In this case, opposition is evident because, by chance, both experiences are being developed next to each other. When you look at the new prison from the old Punta de Rieles prison, it seems you're looking at a Texas mega-prison. And when you look at the old one from the new one, it seems that you are looking at the outskirts of Montevideo. They are very different indeed.

There are positive and negative aspects. One negative aspect is that there isn't a clearly defined approach; instead, very different approaches coexist and this may produce opposing forces that cancel each other out. One positive aspect is that we perceive that there's a will to do things, there's a will to change the prison system; not everything is dead. Things are moving on.

P2P: You've been able to visit both prisons at Punta de Rieles. We could only visit one. Could you tell us what do you think about the new one?

JMP: I haven't talked much about the new prison because I'd rather wait until it's well established, proved, adjusted. It's a really new experience. We should wait; it's too soon to draw any conclusions.

I've taken lots of notes, and I've already submitted some of them. I think some adjustments should be made, mainly in order to create a living environment with educational and integrations features. To fulfill this principle several adjustments would be necessary.

P2P: In view of these foreign prison schemes, it seems that our society finds it difficult to develop its own approaches.

JMP: The new approach (currently operational) is the result of a very long process. No institutional stakeholder presented any different approach or alternative. This is a weakness of our society: its low capacity to make proposals when looking for solutions.

It's the difference between a tailor-made suit and an off-the-rack suit. This solution solves a number of problems that seemed too difficult to solve, such as maintenance, food, clothes, cleaning and financing. It was an effort to innovate, to change a neglected prison reality. That's positive, but I'm very careful when it comes to evaluation.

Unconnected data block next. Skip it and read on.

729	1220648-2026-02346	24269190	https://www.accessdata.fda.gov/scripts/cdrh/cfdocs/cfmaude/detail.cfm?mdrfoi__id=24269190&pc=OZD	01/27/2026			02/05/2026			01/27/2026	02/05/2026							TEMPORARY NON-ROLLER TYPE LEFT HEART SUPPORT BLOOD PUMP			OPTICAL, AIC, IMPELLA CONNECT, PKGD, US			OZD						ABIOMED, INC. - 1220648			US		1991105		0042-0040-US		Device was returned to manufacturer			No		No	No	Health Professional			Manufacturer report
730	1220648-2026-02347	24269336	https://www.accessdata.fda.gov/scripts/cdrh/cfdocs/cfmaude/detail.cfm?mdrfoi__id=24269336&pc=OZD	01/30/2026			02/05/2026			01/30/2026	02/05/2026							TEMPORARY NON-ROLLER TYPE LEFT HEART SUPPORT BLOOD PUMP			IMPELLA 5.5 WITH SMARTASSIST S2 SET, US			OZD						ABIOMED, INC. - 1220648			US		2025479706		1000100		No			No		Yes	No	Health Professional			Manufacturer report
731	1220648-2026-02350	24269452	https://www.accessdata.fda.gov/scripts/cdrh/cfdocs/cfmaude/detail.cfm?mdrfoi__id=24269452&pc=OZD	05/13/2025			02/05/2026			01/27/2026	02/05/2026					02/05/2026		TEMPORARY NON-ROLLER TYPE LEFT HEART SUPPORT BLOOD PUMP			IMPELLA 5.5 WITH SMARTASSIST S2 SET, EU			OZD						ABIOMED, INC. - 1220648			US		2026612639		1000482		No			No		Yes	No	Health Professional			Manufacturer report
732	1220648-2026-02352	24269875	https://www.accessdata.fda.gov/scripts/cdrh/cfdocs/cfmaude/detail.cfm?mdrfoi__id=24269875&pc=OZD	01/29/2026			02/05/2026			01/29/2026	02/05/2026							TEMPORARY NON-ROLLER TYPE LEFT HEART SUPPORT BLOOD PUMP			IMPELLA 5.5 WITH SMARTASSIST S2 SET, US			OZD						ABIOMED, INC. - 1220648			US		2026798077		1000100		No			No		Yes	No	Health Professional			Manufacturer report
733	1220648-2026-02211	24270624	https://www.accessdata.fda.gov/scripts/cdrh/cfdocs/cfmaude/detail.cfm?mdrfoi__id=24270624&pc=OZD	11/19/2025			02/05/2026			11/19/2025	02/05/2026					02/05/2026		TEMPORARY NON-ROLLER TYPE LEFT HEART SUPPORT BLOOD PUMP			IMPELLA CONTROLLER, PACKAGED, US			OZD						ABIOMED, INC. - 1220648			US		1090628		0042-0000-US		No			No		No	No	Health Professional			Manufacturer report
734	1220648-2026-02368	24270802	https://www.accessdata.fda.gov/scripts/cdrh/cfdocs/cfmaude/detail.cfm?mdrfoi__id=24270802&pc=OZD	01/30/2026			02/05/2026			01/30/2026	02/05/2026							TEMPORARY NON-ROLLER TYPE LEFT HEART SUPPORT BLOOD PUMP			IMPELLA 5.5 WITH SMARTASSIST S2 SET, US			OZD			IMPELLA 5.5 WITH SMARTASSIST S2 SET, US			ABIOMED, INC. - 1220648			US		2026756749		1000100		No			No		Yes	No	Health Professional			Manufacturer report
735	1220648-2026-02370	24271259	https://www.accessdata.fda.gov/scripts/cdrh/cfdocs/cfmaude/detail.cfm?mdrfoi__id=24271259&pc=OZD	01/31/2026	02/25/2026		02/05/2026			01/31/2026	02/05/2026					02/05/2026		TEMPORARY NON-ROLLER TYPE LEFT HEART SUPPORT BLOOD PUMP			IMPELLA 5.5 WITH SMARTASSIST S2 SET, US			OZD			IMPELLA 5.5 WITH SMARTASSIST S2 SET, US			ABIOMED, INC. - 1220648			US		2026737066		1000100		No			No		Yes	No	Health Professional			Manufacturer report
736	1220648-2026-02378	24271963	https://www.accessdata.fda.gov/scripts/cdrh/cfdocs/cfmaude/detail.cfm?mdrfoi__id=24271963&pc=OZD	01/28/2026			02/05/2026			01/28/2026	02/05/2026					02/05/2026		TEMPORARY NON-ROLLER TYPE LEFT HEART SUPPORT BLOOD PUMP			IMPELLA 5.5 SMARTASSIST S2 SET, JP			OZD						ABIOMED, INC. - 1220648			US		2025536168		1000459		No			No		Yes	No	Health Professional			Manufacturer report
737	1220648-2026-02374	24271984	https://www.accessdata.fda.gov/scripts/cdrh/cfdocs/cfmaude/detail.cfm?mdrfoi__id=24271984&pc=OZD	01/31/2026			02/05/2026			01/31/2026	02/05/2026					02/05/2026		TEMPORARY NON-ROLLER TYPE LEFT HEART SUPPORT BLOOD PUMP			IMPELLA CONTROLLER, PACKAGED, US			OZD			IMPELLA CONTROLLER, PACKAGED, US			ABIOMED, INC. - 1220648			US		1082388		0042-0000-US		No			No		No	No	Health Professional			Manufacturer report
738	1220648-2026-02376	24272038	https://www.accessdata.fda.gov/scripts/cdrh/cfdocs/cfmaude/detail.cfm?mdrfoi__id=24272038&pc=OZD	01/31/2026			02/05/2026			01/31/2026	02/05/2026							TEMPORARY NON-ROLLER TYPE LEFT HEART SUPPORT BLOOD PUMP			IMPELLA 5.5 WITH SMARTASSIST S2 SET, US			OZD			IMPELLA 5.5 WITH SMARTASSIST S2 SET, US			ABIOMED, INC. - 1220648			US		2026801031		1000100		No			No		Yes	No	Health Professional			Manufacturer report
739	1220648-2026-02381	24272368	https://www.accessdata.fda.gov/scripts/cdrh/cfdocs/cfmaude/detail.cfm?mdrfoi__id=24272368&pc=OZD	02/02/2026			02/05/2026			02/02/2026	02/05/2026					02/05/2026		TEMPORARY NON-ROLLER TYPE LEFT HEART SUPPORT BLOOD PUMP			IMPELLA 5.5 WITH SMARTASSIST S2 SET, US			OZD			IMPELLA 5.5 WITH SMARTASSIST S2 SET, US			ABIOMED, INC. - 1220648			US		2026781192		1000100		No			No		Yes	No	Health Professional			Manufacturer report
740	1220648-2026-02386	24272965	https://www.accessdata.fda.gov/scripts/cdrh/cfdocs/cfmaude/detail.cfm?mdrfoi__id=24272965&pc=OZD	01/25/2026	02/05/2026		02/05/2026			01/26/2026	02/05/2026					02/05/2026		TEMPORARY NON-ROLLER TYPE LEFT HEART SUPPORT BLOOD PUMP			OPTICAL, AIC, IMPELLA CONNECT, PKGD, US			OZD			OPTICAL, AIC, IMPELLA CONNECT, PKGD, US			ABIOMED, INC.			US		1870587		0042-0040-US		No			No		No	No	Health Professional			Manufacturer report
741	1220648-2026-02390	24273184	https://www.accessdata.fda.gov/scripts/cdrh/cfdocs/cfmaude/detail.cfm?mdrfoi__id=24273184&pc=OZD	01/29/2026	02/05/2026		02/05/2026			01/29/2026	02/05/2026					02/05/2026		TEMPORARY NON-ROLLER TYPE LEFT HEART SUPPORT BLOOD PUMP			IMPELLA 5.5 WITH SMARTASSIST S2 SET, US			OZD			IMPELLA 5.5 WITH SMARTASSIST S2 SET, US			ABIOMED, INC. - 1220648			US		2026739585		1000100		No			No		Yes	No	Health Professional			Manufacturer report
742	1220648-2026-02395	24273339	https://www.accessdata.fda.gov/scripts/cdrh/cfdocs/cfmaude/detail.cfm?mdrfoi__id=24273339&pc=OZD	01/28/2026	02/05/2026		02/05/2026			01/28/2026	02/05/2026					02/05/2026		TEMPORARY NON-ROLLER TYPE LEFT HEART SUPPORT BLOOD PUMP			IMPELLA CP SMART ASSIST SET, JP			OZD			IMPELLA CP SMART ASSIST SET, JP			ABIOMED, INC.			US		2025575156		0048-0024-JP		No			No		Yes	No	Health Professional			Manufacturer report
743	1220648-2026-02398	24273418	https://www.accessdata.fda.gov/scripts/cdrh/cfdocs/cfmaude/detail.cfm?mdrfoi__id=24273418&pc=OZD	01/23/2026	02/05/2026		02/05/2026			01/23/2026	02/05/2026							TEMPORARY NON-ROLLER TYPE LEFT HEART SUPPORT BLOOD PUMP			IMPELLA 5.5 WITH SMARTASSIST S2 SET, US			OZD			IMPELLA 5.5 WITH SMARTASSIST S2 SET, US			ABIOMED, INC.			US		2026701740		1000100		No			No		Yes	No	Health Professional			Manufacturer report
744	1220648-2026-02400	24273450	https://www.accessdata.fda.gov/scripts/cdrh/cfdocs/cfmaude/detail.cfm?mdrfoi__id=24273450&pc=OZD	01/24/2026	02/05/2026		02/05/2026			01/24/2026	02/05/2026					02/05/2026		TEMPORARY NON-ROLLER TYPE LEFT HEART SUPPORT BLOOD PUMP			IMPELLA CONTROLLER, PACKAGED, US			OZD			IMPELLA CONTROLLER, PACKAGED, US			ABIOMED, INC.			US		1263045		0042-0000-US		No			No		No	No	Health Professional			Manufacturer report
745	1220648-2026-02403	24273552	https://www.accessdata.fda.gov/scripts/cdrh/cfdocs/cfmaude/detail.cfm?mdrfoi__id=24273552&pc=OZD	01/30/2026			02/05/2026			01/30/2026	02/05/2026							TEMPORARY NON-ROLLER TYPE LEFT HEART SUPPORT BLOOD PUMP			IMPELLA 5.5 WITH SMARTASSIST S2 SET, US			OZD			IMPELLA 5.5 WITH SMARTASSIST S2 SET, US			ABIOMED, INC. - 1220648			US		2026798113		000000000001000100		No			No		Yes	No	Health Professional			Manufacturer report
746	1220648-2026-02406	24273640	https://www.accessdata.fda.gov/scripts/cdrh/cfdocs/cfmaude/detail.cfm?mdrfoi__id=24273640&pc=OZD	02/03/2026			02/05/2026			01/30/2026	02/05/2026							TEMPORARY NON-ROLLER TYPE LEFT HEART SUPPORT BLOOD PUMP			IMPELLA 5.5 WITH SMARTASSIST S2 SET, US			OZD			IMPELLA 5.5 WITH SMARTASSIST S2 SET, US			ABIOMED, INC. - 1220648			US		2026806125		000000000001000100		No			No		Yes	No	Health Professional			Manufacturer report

P2P: Following the example of the off-the-rack suit, the signature of the agreement entailed the purchase of the architectural design…

JMP: The design has undergone some adjustments and modifications. We expect that Uruguay, where everything is toned down, tones some aspects of this foreign design down as well. Actually, this has already been done in the past months. For example, no hot water was to be supplied in the prison, but this was modified on account of Uruguayan habit to drink mate. Some details are related to our life and culture, while others are of a structural nature.

P2P: Finally, in your opinion, what's the ideal prison system?

JMP: I wouldn't know how to answer that question, I don't know that much. But in my opinion the ideal prison would be that creating an environment as less prison-like as possible. I refer to good Uruguayan and foreign experiences of manageable scales; small, customized prisons combining a certain environment with a specific work, always within the framework of positive coexistence.

Humankind took 18 centuries to create prisons as we know them. We've been living with this monster for two centuries. When Chinese were asked their opinion about the French Revolution, historians answered it was a very interesting event, but that it was too early to draw any conclusions. The same could be said on prisons.